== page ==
“It’s just mind-set really,” Orlov said. “Everyone wants to be in the offensive zone, joining the rush, all that. But when you take on top lines you have to also put defense ahead of that always, and it can be tough to get your offense going. But I will get there, just sticking to the plan.”
The plan comes up a lot.
Reirden, who works with the Capitals’ defensemen, has one for each of his players tailored to their age, ability and fit in the Capitals’ system. Orlov’s plan started in what, from the outside, may be seen as a lost 2014-15 season. Orlov and Reirden spent hours alone on the ice together that year, working through Orlov’s frustration and a rehab process that lasted longer than expected. There was doubt, at times, that Orlov would fully recover, moments that it seemed like his wrist could keep him from ever shooting or stickhandling as he did in the past or becoming the player he wanted to become.
“I think it helps you reconnect with how important the game of hockey is and how much you miss being around your teammates and being the player you once were,” Reirden said of what that season meant for Orlov. “It’s a situation we’ve used as growth, and we’ve referenced it in the last couple years. When things got bad or if games didn’t go well, when things weren’t moving in the right direction, occasionally you’d be like, ‘Remember two years ago, we weren’t sure you’d be able to play at this level again.’ ”
That isn’t referenced anymore. Orlov doesn’t need to hear it to find another gear. He is driven by his own ambition to succeed and Reirden’s vision for him, which has added another element to his game in each season since the injury.
Step 1: Build Orlov’s confidence by giving him favorable matchups and a lot of offensive-zone starts. Check.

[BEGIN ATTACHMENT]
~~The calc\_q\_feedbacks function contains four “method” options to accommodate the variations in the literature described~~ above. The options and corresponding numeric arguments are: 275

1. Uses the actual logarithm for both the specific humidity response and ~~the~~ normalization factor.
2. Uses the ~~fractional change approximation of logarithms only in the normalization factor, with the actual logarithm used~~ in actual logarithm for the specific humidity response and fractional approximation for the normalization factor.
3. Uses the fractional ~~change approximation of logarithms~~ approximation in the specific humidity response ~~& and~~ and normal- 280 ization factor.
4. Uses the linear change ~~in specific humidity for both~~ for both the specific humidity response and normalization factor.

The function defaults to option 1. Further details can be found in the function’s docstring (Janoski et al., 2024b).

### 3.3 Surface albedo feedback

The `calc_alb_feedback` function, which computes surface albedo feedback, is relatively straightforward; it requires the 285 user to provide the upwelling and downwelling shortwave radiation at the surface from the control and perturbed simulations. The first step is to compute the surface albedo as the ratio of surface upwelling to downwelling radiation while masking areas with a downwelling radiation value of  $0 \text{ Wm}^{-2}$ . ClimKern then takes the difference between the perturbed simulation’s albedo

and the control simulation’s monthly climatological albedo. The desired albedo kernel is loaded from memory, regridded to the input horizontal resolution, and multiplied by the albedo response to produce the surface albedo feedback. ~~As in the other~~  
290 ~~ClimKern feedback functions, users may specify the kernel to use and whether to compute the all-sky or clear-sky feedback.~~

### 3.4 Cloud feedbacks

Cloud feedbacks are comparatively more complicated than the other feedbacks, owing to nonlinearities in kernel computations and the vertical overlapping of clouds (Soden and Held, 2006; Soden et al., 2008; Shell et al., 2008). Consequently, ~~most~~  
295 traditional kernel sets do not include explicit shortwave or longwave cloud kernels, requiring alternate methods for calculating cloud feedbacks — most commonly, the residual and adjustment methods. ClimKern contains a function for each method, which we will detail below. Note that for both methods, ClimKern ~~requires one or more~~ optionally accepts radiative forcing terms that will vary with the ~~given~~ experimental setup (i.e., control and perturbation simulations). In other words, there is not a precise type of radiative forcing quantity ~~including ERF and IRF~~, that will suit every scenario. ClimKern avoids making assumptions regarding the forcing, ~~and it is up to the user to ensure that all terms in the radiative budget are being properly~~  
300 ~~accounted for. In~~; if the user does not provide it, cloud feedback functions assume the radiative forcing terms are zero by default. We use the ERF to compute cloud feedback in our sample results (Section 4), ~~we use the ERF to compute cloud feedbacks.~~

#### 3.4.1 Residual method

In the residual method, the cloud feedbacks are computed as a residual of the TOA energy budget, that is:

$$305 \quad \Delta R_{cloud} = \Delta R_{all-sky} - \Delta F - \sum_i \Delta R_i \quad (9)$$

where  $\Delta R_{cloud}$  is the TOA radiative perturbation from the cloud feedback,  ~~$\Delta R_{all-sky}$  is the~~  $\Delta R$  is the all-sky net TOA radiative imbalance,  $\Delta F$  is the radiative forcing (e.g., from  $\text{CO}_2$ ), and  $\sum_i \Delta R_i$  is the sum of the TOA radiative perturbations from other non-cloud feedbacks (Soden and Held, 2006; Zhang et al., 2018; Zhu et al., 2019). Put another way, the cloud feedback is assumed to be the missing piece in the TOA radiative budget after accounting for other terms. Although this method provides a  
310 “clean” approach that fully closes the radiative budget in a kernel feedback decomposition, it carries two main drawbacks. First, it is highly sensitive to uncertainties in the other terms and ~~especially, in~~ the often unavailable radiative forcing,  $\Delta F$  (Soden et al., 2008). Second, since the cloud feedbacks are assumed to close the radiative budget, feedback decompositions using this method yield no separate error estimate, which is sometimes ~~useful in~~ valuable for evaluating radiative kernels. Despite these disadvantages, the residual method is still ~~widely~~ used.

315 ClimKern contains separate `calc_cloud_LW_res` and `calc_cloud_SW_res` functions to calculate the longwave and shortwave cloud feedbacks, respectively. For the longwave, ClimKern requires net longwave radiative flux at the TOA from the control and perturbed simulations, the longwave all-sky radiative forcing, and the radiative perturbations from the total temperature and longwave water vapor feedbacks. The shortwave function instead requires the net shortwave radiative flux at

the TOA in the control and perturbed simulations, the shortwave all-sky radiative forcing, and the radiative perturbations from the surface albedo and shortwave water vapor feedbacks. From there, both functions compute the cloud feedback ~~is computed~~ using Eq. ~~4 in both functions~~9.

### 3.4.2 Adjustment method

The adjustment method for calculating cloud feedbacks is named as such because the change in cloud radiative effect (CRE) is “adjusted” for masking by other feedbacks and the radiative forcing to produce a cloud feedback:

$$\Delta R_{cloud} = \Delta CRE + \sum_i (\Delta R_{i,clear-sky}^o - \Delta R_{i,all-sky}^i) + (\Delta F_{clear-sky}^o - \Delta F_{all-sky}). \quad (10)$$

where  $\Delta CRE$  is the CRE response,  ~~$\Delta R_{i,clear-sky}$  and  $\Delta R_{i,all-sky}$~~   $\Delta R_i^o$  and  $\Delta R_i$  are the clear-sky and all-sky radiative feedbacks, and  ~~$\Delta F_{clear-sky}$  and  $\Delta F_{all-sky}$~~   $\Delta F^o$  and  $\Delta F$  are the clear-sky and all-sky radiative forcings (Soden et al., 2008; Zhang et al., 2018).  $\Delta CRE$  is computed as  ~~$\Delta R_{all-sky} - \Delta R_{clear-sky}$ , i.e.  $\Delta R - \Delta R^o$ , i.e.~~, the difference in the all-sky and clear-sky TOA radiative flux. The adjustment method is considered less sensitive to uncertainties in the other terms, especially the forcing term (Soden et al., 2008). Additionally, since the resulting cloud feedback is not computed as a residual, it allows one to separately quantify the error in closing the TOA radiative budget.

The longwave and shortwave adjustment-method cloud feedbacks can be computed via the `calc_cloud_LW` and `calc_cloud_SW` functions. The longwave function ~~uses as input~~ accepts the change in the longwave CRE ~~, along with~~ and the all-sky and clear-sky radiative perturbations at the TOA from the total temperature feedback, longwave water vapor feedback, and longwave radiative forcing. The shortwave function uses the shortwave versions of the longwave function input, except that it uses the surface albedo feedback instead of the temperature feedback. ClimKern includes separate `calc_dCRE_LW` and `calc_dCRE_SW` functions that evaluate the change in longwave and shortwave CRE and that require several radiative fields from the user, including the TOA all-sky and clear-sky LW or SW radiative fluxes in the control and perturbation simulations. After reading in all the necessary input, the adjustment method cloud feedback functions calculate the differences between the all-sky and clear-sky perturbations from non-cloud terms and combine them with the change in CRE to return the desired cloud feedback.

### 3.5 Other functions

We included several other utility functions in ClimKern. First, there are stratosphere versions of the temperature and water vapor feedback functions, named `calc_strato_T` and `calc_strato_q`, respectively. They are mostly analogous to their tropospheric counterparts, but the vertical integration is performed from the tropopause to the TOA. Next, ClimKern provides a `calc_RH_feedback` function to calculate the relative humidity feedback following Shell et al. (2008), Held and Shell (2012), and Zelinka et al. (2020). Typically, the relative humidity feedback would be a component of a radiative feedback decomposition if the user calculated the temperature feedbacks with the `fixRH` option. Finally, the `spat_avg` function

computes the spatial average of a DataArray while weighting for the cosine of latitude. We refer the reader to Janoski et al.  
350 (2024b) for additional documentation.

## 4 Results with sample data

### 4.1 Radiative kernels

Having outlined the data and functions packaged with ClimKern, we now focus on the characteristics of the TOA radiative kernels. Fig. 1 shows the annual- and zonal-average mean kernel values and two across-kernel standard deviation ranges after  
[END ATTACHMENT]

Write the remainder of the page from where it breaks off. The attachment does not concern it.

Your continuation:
Step 2: Build his role and move him into a place among the team’s top-four defensemen, which heightens his competition, but measure the ice time at first. Check.
Step 3: Add ice time and challenge him to bump up his offense within that role. He finished with a career-high 33 points (six goals, 27 assists) last season. Check.
Step 4: Raise his level of competition to matchups with top lines and lessen his offensive responsibilities. Check.
Step 5: Keep skating him against top lines and add that high-level offense back in. Pending.
“That’s at the top,” Reirden said, his right hand raised well above his shoulder. “That’s where he becomes a top guy. He’s had growth every year. He’s on track for that goal, absolutely.”
Adding that offense back in is not a matter of conditioning. Orlov’s preparation and work ethic is what stands out most to his fellow defensemen — from 22-year-old rookie Madison Bowey to the veterans of the bunch — and he sometimes skates so hard in practice that his laces split open. His average ice time, 23:07, is the highest of his career by almost four minutes, and it hasn’t slowed him down.
Finding the right balance between jumping into the offense and carrying out the team’s most important defensive assignments is what Orlov has to figure out. He feels like he is close to doing so. Reirden feels it, too. And when he does, when this plan is complete, another will be put in place to see just how much Orlov’s game can grow.
“He is a great guy to follow, a great guy to look up to and model my game after, I feel like,” said Bowey, who is just 44 games into his own plan. “Dmitry just does everything and does it so well. I want to be like that.”
WINNIPEG – As a member of the Winnipeg Jets‘ security staff, Glen Lafrenais spends a lot of time around the team but he never imagined one day he would be part of it.
“There were a couple chuckles when I came through the door,” the Venue and Event Security Manager at True North Sports + Entertainment said. “They were giving me the gears a bit.”
On Monday, Lafrenais replaced Connor Hellebuyck in net during practice after the Jets decided to give the all-star goalie a day off.
“They needed a quick guy to be a human shooter tutor,” Lafrenais said. “They asked me if I wanted to and I said ‘yeah’.”
A goalie his entire life, Lafrenais once suited up in the Manitoba Major Junior Hockey League. He now plays on a beer-league team, facing shots that barely rise off the ice.